Should You Contest a Will?
Any person who is affected by a Last Will and Testament or a Trust may contest a will, or, challenge the Will, after it is submitted to the court for approval. A Will contest is a type of estate litigation where an individual will question the validity of a will on various grounds. A NYC estate litigation attorney or a Will Contest Attorney can help you contest a Will.
Who Can Contest a Will in New York?
Generally, the following people can contest a will:
- Someone who would have inherited more if there had been no will (also known as a distributee, i.e. a disinherited child, spouse, or sibling) and
- Someone who would have inherited more under a prior will (a beneficiary).
When Can You “Contest a Will” in New York?
Wills can be contested on several grounds.
An objectant/challenger to a Will may successfully “Contest a Will” if they can show:
- The Will was not properly executed because the strict requirements of EPTL 3-2.1 have not been met.
- The Will was not properly written because it excludes property or a party.
- The Will is a forgery because it was not signed by the Decedent.
- The Decedent was not competent when Will was executed, perhaps because the Decedent suffered from a mental illness, such as dementia or was undergoing psychiatric treatment. (Note that an individual may be able to execute a Will even after they have been adjudicated incapacitated and had a guardian appointed for them.)
- The Decedent was unduly influenced by an individual with whom the Decedent was close
How Can I Prevent a Will Contest?
If you believe that your Will may be contested, either because you have disinherited your heirs, or because you have made disparate distributions among your heirs, or because a potential challenger believes you lacked capacity when you signed the Will, then there are a few techniques you can employ to ensure your assets pass in accordance with your wishes. You can:
- Use an “in-terrorem” or no-contest clause;
- Use Trusts, instead of Wills;
- Avoid Probate by holding your assets jointly or designating beneficiaries;
- Have a psychiatrist or physician examine you immediately prior and after your Will Execution and write a letter advising as to your capacity level;
- Stack Wills – execute multiple Wills which will then require the objectant to spend time and money on protracted litigation to set aside multiple Wills before they can inherit.
Will Inserting an “in terrorem” clause in the Will Prevent a Will Contest?
The short answer is: not necessarily.
An “in terrorem” or “no contest” clause is essentially a forfeiture clause in a Will. It says that if a person who is benefiting from the Will turns around and contests the terms of that Will, then that person will forfeit their bequest under the Will. A no contest clause is intended to deter a beneficiary from contest a Will. Whether the clause will be a sufficient deterrent will depend on the facts and circumstances of the situation.
In terrorem clauses are not foolproof and in fact carry some element of risk. The biggest downside of using an “in terrorem” clause is that it exposes the nominated executor and the proponent of a Will to depositions during the pre-objection discovery phase of the Probate Process. Additionally, there are a number of steps that a potential objectant can take notwithstanding the existence of the in terrorem clause. For example, the objectant can still seek discovery of financial and medical records. The objectant can also question the witnesses to the Will, the attorney draftsman, and the nominated executor.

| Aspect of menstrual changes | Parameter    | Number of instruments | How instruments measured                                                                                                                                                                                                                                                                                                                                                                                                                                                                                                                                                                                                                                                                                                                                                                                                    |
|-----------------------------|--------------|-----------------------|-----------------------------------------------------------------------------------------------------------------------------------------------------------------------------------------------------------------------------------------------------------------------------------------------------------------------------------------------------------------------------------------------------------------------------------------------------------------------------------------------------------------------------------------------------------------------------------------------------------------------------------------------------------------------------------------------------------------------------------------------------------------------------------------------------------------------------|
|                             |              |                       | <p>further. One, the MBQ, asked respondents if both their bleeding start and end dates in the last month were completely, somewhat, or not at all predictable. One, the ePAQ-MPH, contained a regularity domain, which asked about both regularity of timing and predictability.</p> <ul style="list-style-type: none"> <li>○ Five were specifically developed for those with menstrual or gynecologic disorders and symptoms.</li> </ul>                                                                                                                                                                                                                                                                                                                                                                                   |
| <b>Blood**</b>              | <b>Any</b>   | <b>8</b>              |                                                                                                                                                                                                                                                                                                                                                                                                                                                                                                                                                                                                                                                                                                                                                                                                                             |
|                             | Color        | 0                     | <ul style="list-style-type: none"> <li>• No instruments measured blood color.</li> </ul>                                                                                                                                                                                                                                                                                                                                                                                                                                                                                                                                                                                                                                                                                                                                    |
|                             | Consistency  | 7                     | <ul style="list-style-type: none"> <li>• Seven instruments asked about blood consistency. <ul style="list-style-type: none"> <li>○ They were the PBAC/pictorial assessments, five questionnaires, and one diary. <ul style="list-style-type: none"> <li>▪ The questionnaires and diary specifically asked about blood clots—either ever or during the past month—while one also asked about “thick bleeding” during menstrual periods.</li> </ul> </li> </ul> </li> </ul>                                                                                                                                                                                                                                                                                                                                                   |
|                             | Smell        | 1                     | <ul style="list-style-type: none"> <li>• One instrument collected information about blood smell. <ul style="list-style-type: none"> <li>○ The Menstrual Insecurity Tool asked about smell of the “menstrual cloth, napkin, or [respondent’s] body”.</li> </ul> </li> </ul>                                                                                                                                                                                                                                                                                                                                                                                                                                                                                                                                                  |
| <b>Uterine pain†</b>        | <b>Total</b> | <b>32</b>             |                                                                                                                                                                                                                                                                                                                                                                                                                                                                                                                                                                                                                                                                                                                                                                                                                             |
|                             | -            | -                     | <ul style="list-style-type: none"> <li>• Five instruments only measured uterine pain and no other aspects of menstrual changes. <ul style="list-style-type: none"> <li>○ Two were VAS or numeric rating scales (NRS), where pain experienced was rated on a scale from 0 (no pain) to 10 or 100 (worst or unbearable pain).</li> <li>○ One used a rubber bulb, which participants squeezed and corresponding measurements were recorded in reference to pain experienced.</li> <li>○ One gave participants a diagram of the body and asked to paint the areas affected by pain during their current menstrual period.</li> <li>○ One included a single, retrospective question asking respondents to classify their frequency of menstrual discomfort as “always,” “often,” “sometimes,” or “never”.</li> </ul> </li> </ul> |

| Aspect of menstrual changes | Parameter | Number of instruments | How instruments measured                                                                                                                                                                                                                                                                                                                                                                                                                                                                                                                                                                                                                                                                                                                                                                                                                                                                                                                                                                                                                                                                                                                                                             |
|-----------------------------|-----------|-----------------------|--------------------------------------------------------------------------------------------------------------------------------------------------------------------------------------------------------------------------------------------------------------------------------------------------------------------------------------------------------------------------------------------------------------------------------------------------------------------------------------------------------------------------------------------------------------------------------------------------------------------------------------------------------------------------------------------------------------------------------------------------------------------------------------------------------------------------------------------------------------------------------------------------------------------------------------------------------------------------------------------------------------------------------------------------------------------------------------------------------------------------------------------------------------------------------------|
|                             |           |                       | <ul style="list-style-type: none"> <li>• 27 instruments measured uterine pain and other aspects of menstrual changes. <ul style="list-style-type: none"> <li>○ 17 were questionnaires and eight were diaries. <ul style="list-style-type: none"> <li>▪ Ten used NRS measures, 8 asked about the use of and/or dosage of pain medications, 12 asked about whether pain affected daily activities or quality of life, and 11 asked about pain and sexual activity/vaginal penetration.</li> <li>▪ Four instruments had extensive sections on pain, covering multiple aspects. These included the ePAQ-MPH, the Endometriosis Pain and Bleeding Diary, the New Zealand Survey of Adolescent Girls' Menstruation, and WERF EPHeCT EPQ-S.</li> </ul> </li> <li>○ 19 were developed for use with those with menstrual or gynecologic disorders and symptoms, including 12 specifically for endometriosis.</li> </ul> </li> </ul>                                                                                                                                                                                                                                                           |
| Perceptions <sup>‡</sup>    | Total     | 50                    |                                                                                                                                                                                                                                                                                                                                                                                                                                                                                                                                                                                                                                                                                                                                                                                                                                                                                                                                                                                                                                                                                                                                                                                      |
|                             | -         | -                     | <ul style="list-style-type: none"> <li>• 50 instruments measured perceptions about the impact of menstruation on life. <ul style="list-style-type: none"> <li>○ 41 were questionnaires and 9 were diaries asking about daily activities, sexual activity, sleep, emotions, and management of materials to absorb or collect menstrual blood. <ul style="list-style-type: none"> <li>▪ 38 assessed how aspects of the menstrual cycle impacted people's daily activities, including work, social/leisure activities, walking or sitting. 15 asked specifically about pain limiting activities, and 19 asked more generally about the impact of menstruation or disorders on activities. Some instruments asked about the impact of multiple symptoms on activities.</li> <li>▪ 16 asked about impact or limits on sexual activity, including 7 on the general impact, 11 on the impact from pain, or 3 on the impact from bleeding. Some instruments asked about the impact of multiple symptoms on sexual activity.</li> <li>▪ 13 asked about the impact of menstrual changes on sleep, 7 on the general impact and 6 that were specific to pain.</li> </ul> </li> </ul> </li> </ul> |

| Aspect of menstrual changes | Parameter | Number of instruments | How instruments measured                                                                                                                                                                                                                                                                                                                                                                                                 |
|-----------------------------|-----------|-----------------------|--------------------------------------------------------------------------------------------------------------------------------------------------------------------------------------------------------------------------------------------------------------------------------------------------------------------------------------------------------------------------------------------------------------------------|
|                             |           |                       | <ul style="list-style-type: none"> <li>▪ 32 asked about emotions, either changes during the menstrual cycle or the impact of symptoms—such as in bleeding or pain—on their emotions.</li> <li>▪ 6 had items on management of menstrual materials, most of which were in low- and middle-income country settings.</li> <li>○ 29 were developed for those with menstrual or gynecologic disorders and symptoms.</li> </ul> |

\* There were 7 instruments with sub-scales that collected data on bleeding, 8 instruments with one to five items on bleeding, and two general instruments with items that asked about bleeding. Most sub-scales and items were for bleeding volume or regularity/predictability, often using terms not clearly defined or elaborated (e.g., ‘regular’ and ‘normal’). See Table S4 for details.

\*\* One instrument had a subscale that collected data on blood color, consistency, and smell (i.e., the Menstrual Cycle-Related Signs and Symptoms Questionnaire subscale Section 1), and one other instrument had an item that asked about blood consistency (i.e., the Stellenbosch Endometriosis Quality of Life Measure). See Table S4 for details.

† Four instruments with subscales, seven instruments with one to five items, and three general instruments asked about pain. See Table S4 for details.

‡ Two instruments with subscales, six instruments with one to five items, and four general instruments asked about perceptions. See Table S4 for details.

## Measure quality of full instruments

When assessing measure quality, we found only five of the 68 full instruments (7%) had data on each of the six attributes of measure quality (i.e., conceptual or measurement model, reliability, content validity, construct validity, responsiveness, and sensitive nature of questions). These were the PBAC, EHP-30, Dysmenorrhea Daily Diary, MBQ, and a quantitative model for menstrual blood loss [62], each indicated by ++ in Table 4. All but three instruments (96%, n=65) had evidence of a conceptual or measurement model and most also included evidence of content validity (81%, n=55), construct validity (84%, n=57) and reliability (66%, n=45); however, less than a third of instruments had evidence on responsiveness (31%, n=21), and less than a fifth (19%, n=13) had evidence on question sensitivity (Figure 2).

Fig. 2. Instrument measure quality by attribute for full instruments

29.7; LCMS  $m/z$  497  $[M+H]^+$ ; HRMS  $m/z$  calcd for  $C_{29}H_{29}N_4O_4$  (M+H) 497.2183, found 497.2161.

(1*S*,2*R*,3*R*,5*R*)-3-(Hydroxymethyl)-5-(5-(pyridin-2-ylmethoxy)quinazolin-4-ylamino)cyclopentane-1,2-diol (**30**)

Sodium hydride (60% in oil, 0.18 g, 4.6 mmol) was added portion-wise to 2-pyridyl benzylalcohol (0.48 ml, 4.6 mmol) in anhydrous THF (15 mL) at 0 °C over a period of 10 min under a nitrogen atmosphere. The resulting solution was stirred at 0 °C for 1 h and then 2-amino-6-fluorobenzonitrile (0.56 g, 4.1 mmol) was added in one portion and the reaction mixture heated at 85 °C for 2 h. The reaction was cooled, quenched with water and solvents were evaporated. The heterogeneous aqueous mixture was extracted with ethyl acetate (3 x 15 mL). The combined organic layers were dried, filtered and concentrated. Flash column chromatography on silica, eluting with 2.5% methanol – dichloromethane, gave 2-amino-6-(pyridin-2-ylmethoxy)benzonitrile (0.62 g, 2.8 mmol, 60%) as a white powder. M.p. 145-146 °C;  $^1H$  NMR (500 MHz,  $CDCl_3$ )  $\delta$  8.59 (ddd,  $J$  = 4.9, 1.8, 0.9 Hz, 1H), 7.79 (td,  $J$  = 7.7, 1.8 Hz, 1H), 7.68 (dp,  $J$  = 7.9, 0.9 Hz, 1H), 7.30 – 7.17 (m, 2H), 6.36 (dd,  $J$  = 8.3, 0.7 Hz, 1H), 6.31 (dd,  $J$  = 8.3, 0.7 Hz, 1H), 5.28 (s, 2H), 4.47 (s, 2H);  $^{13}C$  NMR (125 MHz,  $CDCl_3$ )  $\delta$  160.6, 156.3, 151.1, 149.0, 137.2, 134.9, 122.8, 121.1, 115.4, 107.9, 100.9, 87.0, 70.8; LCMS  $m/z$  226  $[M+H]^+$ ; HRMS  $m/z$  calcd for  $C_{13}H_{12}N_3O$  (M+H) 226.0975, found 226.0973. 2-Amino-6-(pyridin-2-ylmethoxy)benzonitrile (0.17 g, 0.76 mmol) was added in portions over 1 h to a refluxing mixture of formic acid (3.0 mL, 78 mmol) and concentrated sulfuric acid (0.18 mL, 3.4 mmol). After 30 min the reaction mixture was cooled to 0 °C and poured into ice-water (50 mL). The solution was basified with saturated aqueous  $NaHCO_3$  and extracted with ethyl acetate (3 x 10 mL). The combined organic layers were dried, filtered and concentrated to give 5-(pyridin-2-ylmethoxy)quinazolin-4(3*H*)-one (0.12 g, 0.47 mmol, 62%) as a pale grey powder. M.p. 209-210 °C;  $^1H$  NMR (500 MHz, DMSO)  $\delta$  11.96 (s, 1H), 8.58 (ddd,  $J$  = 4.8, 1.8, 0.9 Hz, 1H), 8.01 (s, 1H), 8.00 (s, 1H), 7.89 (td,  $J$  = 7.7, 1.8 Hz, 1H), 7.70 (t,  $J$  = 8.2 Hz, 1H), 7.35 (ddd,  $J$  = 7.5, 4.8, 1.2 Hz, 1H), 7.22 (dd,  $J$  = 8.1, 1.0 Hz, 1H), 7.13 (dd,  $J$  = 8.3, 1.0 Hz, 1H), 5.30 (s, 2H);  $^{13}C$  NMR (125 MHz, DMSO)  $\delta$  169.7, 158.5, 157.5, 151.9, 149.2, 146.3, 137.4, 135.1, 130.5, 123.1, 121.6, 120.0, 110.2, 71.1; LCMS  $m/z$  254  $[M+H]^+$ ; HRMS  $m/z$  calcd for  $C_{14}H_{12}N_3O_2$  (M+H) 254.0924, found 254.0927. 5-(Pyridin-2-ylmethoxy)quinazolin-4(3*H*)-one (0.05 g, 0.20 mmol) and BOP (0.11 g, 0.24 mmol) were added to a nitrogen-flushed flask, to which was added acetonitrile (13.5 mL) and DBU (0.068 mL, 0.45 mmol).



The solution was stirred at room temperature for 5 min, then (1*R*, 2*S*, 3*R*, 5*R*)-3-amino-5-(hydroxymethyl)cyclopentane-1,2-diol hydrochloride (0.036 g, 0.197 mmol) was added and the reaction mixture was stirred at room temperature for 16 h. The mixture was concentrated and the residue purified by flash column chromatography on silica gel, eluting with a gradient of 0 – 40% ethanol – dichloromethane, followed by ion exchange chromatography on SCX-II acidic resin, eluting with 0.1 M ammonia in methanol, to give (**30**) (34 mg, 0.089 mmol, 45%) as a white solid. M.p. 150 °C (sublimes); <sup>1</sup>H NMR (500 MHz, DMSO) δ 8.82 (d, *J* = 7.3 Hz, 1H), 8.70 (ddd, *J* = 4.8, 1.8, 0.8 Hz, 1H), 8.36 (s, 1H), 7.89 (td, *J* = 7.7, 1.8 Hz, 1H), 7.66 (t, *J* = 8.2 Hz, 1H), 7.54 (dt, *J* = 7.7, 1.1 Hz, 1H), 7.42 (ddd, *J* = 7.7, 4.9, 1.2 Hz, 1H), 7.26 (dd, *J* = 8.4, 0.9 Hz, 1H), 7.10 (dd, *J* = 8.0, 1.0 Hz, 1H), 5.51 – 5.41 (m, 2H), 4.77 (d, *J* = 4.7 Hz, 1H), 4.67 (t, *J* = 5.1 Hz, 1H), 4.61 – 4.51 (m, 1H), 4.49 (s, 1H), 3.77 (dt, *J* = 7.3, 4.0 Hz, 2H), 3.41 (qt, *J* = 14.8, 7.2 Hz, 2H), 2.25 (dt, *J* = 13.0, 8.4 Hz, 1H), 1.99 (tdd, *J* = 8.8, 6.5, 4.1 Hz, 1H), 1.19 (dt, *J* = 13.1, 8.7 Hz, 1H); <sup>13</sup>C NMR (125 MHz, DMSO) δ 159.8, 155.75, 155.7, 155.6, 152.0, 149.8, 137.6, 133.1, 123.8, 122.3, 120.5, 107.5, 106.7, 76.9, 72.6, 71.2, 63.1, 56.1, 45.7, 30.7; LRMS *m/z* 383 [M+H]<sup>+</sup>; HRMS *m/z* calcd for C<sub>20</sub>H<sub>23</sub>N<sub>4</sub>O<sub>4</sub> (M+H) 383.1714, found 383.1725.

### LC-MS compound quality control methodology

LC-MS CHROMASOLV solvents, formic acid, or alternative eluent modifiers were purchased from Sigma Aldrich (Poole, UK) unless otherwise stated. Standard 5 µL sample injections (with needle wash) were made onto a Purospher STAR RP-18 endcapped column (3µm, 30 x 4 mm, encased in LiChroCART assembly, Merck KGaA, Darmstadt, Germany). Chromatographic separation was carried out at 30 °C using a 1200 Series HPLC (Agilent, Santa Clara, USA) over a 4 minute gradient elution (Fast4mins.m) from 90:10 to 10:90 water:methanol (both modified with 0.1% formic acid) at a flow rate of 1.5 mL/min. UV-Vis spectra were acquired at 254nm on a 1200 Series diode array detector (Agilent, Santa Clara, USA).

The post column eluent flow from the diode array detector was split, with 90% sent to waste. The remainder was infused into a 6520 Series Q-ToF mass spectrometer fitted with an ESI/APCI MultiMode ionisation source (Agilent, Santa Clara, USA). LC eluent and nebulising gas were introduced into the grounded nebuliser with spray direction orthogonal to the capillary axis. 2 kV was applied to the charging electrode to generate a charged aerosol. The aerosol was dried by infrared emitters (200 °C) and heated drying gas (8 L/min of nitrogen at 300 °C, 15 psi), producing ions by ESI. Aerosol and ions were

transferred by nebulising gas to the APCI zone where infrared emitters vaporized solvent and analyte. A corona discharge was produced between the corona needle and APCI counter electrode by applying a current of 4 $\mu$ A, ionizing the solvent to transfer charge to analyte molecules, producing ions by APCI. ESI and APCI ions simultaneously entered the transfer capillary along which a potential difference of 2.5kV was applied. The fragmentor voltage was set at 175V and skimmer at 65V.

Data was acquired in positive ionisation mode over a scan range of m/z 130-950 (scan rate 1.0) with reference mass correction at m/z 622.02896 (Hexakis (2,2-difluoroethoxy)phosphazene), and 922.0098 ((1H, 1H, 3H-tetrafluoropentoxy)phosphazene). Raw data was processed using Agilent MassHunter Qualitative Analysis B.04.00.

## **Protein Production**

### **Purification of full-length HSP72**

What are the Steps to “Contest a Will”?
Typically, after a Will is offered for probate, an objectant will receive a Citation in the mail. The objectant will typically not sign a Waiver and Consent. The objectant will then appear on the return date of the Citation and will ask for pre-objection discovery pursuant to SCPA 1404. Depending on the County, the case may, thereafter, immediately be assigned to a Court Attorney who will then set down a date by when pre-objection discovery should be complete.
The parties will then engage in pre-objection discovery, including discovery demands, notices to examine, and depositions of the witnesses and attorney draftsman. Pre-objection discovery is limited to a three year period preceding the execution of the Will and two years following the execution, or the death of the testator, whichever is later. If the Will contains an “in terrorem” clause, then the objectants may also have an opportunity to question the nominated executor of the Will. If, after discovery is complete, the objectant wants to move forward with the Will contest, then the objectant will file Objections in Court, along with an Affirmation of Timeliness.
Following the filing of the Objections, the objectant will obtain and serve a Citation on all beneficiaries in the Will. Following the return date of this next citation pursuant to SCPA 1411, the parties will appear for a conference at which point they will set a full discovery schedule. This is also an opportunity for the parties to determine whether there are any avenues for settlement. If a settlement cannot be reached, then the parties will continue to engage in discovery, including document production, non-party subpoenas, depositions, and interrogatories. After discovery is complete, the parties can file their motions for summary judgment or motions to dismiss. Various motion practice can also be employed during the interim period. If summary judgment is denied, or if a settlement cannot be reached, then the parties will proceed to trial.
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